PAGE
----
Rather than trying to flag lapsed and dormant donors using casual heuristics, formal statistical analysis can be brought to bear on this question. A recently published paper by Peter S. Fader, Bruce G.S. Hardie and Jen Shang, “Customer-Base Analysis in a Discrete-Time Noncontractual Setting,” examined exactly these kinds of trade-offs using annual donation data from a major public radio station. It showed remarkable accuracy in predicting donation patterns over a five-year forecasting horizon. While the model has some complex math within it, the ultimate implementation is a relatively simple Excel spreadsheet, requiring nothing more than recency and frequency as inputs. Many of the results and implications within the paper run quite contrary to the usual intuition that many nonprofit organizations have about the behavioral propensities (and thus future contributions) of their past donors. For instance, the paper found that recency is far more important than frequency in determining estimates of future donation patterns.
But while the paper offers accurate forecasts and useful insights about how to understand the underlying “drivers” of donation propensities, it stops short of offering any specific advice about which donors to target and when/how to do so. This is where a new paper by David A. Schweidel and George Knox, "Incorporating Strategic Direct Marketing Activity into 'Buy 'Til You Die' Models," comes in. Building on the same basic modeling platform used by Fader et al, this paper goes further to explore the impact of fundraising efforts on short-term and long-term donation activity. It explicitly captures the “dual causality” that often exists between donations and solicitation efforts — in other words, solicitation efforts clearly drive donation behavior, but past donations also impact solicitation strategies.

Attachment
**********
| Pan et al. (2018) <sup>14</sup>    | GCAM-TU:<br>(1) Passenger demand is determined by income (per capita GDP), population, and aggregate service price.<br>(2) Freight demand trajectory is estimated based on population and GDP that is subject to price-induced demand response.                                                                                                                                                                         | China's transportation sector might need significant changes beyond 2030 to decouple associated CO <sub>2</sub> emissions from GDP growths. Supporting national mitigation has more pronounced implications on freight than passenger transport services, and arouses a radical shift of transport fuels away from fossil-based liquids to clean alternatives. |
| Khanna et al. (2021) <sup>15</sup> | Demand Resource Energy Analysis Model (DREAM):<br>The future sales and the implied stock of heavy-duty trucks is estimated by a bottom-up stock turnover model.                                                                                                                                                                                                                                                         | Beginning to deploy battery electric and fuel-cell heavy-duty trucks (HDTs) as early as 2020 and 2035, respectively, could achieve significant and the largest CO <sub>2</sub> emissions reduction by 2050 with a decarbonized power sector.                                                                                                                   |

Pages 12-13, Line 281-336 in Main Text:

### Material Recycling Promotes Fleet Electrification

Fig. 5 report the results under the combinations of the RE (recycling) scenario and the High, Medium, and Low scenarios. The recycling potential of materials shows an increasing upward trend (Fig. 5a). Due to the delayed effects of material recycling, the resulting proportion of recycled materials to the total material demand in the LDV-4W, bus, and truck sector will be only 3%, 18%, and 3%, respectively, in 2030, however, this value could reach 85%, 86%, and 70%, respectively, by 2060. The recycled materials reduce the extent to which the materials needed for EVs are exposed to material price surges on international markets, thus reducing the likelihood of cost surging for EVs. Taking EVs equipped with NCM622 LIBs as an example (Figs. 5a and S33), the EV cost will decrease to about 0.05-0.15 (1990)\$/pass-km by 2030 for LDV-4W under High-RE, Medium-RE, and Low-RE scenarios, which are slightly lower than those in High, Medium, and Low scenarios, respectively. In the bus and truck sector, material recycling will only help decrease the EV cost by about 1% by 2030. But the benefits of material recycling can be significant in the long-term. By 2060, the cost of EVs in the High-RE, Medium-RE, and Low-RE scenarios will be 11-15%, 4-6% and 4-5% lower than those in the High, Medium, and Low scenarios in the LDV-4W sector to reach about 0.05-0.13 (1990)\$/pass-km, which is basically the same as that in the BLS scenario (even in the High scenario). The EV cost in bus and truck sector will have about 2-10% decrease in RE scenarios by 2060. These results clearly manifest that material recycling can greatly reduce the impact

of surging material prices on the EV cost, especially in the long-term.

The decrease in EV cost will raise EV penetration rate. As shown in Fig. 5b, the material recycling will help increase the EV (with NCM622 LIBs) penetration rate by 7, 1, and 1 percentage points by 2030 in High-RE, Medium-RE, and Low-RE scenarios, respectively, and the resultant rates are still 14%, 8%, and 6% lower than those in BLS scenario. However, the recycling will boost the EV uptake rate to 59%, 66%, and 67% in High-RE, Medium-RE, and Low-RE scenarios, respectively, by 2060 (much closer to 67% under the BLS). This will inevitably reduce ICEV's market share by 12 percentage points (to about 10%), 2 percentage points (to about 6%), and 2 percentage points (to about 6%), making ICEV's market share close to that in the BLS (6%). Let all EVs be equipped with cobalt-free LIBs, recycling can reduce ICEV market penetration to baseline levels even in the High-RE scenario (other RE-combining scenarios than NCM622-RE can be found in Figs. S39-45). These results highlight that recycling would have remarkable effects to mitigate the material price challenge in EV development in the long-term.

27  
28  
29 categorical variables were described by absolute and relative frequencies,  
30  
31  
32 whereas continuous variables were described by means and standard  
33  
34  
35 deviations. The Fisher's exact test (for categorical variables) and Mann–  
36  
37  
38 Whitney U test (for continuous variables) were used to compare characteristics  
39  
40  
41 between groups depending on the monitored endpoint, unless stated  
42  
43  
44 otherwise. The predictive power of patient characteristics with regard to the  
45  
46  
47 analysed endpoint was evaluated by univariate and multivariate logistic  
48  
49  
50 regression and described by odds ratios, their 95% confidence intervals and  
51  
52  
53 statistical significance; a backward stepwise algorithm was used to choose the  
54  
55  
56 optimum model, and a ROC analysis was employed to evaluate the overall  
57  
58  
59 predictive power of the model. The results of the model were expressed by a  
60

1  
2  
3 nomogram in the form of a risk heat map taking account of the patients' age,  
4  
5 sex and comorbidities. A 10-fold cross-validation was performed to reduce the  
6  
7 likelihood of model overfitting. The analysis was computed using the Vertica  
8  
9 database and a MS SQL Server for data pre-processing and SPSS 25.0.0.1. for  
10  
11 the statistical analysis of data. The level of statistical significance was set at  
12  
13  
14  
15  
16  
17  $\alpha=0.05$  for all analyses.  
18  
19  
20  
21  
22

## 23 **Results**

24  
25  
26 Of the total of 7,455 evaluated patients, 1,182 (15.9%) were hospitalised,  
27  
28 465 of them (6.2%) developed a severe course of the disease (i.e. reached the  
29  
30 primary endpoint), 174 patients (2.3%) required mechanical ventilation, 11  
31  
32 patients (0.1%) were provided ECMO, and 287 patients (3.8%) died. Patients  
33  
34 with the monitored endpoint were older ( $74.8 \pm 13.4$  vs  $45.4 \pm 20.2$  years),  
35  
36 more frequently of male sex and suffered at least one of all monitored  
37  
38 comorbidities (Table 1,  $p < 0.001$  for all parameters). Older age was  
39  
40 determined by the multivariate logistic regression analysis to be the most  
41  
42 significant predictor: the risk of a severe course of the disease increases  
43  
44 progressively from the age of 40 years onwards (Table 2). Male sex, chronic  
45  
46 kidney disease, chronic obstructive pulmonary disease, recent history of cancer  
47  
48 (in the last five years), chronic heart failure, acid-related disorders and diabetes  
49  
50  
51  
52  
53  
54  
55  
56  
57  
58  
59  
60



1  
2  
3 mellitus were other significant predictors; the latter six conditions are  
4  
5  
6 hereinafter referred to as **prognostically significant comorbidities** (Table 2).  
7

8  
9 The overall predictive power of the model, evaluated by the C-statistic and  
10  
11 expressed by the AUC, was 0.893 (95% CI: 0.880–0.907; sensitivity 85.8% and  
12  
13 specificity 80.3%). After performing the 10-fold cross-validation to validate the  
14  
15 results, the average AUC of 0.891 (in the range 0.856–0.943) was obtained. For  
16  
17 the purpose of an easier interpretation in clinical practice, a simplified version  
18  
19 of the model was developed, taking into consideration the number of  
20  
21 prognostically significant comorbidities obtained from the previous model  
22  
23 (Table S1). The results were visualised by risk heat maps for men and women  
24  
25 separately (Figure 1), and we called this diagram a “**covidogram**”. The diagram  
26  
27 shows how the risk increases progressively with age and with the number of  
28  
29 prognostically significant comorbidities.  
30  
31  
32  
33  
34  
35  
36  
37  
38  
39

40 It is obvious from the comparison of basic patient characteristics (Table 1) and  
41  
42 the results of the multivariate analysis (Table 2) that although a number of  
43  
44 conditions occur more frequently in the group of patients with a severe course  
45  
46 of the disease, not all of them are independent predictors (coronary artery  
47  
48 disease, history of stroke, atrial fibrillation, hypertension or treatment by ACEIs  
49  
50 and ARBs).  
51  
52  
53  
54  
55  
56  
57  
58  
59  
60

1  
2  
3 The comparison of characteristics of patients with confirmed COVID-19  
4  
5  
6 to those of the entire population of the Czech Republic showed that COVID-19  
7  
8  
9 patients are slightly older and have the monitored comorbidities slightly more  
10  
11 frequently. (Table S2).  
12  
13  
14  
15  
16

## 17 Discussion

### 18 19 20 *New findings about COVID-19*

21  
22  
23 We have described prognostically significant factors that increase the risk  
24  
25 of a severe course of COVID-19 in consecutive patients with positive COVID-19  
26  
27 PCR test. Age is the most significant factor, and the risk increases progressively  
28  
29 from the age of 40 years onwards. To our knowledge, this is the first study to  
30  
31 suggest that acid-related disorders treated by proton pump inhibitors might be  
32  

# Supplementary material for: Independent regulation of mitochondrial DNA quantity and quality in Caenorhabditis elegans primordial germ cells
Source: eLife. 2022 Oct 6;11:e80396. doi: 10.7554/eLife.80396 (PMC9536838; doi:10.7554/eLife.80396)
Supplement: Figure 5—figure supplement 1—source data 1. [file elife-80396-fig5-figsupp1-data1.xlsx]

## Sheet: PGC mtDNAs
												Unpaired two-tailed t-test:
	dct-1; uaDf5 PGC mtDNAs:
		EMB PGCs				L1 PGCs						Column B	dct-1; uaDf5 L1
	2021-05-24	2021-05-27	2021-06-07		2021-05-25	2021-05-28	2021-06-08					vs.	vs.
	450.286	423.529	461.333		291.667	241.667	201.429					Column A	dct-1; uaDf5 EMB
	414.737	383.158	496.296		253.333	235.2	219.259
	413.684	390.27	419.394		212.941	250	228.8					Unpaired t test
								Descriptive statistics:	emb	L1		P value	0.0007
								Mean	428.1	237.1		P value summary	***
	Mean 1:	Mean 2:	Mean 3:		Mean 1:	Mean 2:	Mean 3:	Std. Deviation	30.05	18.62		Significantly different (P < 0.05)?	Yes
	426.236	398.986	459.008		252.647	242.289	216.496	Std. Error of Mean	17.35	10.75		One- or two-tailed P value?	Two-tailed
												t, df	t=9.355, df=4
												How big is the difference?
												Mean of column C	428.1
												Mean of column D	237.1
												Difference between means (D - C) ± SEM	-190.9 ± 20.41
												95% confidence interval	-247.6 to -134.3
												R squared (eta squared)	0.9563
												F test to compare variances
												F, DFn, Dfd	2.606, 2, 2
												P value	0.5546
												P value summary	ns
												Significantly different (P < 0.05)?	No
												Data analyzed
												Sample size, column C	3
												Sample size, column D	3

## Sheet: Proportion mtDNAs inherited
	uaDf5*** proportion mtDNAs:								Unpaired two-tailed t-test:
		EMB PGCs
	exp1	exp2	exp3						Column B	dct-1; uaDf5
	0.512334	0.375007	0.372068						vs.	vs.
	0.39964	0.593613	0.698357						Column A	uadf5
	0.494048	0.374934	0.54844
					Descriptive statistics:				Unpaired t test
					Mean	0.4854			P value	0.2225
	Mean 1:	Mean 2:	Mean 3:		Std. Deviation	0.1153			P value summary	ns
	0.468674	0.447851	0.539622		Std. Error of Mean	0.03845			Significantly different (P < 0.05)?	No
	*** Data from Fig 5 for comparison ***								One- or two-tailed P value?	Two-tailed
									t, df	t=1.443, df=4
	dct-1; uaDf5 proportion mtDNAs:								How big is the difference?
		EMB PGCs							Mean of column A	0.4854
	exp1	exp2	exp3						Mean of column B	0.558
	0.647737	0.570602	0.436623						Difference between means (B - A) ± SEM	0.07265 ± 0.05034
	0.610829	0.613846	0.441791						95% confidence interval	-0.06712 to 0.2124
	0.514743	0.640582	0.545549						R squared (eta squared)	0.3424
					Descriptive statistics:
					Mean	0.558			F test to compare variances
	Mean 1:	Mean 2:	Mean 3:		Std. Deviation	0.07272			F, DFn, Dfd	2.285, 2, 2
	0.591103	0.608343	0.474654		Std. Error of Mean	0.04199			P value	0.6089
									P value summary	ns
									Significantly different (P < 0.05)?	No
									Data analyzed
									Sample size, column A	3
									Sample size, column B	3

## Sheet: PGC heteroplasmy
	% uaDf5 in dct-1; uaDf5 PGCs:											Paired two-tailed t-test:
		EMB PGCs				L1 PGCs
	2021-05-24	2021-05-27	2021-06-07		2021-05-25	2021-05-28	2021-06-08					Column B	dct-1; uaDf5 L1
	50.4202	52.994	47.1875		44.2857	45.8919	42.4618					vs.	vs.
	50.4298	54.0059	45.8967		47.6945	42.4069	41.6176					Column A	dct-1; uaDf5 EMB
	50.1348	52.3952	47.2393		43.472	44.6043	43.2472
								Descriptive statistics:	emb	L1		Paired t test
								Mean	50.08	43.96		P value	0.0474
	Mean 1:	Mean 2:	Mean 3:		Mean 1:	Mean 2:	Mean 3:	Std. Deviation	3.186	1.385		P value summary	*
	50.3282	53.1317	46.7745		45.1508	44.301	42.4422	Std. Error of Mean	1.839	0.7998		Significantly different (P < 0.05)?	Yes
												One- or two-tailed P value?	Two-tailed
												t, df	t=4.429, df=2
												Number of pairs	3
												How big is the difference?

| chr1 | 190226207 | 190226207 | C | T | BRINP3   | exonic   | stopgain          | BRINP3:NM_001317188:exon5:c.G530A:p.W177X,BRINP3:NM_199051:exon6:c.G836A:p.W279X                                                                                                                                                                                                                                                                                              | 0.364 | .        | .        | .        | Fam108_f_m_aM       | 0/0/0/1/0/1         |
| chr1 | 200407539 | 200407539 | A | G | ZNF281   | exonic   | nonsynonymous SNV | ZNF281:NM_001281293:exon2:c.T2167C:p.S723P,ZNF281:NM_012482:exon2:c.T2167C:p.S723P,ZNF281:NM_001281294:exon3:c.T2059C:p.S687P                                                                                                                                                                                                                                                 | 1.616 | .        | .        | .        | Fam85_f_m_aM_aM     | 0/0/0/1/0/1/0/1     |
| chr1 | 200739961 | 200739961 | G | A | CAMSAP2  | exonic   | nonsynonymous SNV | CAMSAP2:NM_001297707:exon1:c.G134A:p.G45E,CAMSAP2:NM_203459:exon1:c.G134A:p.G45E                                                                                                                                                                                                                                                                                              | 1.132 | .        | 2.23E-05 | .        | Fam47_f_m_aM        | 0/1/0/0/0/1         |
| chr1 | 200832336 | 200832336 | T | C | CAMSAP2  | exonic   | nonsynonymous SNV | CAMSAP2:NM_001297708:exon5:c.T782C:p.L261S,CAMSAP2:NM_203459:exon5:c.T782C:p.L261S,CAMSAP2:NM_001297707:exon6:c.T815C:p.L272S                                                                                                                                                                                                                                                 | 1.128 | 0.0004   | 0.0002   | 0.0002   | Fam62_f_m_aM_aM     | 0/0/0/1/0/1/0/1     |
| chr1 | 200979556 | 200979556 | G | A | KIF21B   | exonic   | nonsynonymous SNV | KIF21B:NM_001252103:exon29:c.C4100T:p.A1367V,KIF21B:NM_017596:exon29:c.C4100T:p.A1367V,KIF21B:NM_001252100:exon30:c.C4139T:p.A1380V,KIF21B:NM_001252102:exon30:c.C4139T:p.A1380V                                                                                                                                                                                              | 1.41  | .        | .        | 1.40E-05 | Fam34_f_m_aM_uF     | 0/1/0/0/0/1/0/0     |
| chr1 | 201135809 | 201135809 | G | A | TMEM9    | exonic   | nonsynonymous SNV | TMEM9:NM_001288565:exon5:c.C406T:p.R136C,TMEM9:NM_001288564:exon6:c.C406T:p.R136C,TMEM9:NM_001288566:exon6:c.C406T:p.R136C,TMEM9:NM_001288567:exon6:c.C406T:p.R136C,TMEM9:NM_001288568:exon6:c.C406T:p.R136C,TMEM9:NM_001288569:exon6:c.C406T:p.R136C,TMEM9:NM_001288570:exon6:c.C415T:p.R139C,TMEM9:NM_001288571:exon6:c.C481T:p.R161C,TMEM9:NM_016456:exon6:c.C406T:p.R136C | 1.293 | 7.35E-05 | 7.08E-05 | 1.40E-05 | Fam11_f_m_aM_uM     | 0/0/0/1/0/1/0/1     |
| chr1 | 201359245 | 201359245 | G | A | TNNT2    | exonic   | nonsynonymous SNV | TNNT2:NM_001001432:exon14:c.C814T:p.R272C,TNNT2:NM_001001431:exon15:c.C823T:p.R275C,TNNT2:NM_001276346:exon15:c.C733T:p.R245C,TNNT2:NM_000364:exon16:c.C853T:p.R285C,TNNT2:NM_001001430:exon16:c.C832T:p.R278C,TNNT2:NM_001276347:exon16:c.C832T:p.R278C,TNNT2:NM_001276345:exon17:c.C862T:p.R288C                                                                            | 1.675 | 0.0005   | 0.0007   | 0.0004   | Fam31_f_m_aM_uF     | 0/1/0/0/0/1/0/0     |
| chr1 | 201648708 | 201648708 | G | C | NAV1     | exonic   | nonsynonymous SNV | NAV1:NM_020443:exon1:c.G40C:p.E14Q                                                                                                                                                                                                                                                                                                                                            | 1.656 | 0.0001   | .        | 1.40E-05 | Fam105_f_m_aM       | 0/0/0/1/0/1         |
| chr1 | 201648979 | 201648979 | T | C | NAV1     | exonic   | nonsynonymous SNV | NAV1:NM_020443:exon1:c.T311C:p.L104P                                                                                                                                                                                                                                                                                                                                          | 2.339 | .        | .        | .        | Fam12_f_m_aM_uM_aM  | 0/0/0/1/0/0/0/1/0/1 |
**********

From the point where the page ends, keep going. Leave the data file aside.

Once again, informal heuristics are unable to sort out these intertwined patterns, but a carefully crafted statistical model is able to do so. Schweidel and Knox show how an organization can gain specific understanding of how soliciting donors can not only influence the decision to make a contribution in response to a particular piece of direct mail, but also how it impacts their tendency to lapse. On one hand, fundraising efforts may deepen a donor’s attachment to an organization, but such activities may also irritate donors and trigger a premature end to the relationship. Striking the right balance here is obviously critical to any nonprofit, but it has not been examined very carefully on a regular basis.
Taken together, these two papers offer a powerful “one-two punch” for data-driven nonprofits that are interested in moving beyond casual “rules of thumb” to address key questions about future donation patterns and the best ways to enhance them using standard solicitation strategies. These methods have proven useful in other industries that also focus on the collection and analysis of detailed customer-level records (e.g., pharmaceuticals, telecommunications, financial services), and the carryover to nonprofits is surprisingly smooth and robust.
David A. Schweidel, Ph.D., is assistant professor of marketing at the University of Wisconsin-Madison School of Business. Peter S. Fader is Frances and Pei-Yuan China professor and professor of marketing at the Wharton School of the University of Pennsylvania.